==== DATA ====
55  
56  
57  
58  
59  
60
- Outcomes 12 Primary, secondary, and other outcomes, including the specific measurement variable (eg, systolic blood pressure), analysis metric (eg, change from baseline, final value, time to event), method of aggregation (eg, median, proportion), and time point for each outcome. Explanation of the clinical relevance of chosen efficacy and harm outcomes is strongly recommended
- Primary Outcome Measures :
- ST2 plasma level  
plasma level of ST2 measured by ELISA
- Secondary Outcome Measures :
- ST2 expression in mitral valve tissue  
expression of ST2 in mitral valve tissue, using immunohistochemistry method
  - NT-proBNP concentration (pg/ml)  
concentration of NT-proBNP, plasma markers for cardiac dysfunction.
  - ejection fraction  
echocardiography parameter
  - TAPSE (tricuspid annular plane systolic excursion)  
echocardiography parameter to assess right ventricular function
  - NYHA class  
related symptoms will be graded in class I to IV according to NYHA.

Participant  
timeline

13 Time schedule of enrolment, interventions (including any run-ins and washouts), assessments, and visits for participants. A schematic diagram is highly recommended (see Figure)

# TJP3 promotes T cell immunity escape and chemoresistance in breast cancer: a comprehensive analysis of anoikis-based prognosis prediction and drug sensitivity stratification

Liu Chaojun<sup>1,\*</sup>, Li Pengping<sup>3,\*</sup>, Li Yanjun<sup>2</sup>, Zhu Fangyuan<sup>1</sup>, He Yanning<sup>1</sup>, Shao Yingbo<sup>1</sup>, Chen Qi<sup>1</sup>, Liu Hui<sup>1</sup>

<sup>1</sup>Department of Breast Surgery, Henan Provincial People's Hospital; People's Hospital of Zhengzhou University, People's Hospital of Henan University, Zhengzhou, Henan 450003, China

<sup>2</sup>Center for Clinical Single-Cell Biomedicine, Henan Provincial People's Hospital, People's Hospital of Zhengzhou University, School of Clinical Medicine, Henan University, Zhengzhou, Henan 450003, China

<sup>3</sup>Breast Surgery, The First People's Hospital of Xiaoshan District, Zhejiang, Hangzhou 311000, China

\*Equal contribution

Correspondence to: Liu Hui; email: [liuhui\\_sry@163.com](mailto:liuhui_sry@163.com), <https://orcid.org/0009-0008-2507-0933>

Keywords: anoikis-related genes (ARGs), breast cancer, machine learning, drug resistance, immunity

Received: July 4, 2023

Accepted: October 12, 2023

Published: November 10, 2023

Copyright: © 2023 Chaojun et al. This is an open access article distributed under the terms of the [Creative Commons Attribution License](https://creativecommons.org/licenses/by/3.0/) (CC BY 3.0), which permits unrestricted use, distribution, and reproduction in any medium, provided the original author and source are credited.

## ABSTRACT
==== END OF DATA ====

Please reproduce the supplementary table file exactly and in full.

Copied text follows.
55  
56  
57  
58  
59  
60
- Outcomes 12 Primary, secondary, and other outcomes, including the specific measurement variable (eg, systolic blood pressure), analysis metric (eg, change from baseline, final value, time to event), method of aggregation (eg, median, proportion), and time point for each outcome. Explanation of the clinical relevance of chosen efficacy and harm outcomes is strongly recommended
- Primary Outcome Measures :
- ST2 plasma level  
plasma level of ST2 measured by ELISA
- Secondary Outcome Measures :
- ST2 expression in mitral valve tissue  
expression of ST2 in mitral valve tissue, using immunohistochemistry method
  - NT-proBNP concentration (pg/ml)  
concentration of NT-proBNP, plasma markers for cardiac dysfunction.
  - ejection fraction  
echocardiography parameter
  - TAPSE (tricuspid annular plane systolic excursion)  
echocardiography parameter to assess right ventricular function
  - NYHA class  
related symptoms will be graded in class I to IV according to NYHA.

Participant  
timeline

13 Time schedule of enrolment, interventions (including any run-ins and washouts), assessments, and visits for participants. A schematic diagram is highly recommended (see Figure)

# TJP3 promotes T cell immunity escape and chemoresistance in breast cancer: a comprehensive analysis of anoikis-based prognosis prediction and drug sensitivity stratification

Liu Chaojun<sup>1,\*</sup>, Li Pengping<sup>3,\*</sup>, Li Yanjun<sup>2</sup>, Zhu Fangyuan<sup>1</sup>, He Yanning<sup>1</sup>, Shao Yingbo<sup>1</sup>, Chen Qi<sup>1</sup>, Liu Hui<sup>1</sup>

<sup>1</sup>Department of Breast Surgery, Henan Provincial People's Hospital; People's Hospital of Zhengzhou University, People's Hospital of Henan University, Zhengzhou, Henan 450003, China

<sup>2</sup>Center for Clinical Single-Cell Biomedicine, Henan Provincial People's Hospital, People's Hospital of Zhengzhou University, School of Clinical Medicine, Henan University, Zhengzhou, Henan 450003, China

<sup>3</sup>Breast Surgery, The First People's Hospital of Xiaoshan District, Zhejiang, Hangzhou 311000, China

\*Equal contribution

Correspondence to: Liu Hui; email: [liuhui\\_sry@163.com](mailto:liuhui_sry@163.com), <https://orcid.org/0009-0008-2507-0933>

Keywords: anoikis-related genes (ARGs), breast cancer, machine learning, drug resistance, immunity

Received: July 4, 2023

Accepted: October 12, 2023

Published: November 10, 2023

Copyright: © 2023 Chaojun et al. This is an open access article distributed under the terms of the [Creative Commons Attribution License](https://creativecommons.org/licenses/by/3.0/) (CC BY 3.0), which permits unrestricted use, distribution, and reproduction in any medium, provided the original author and source are credited.

## ABSTRACT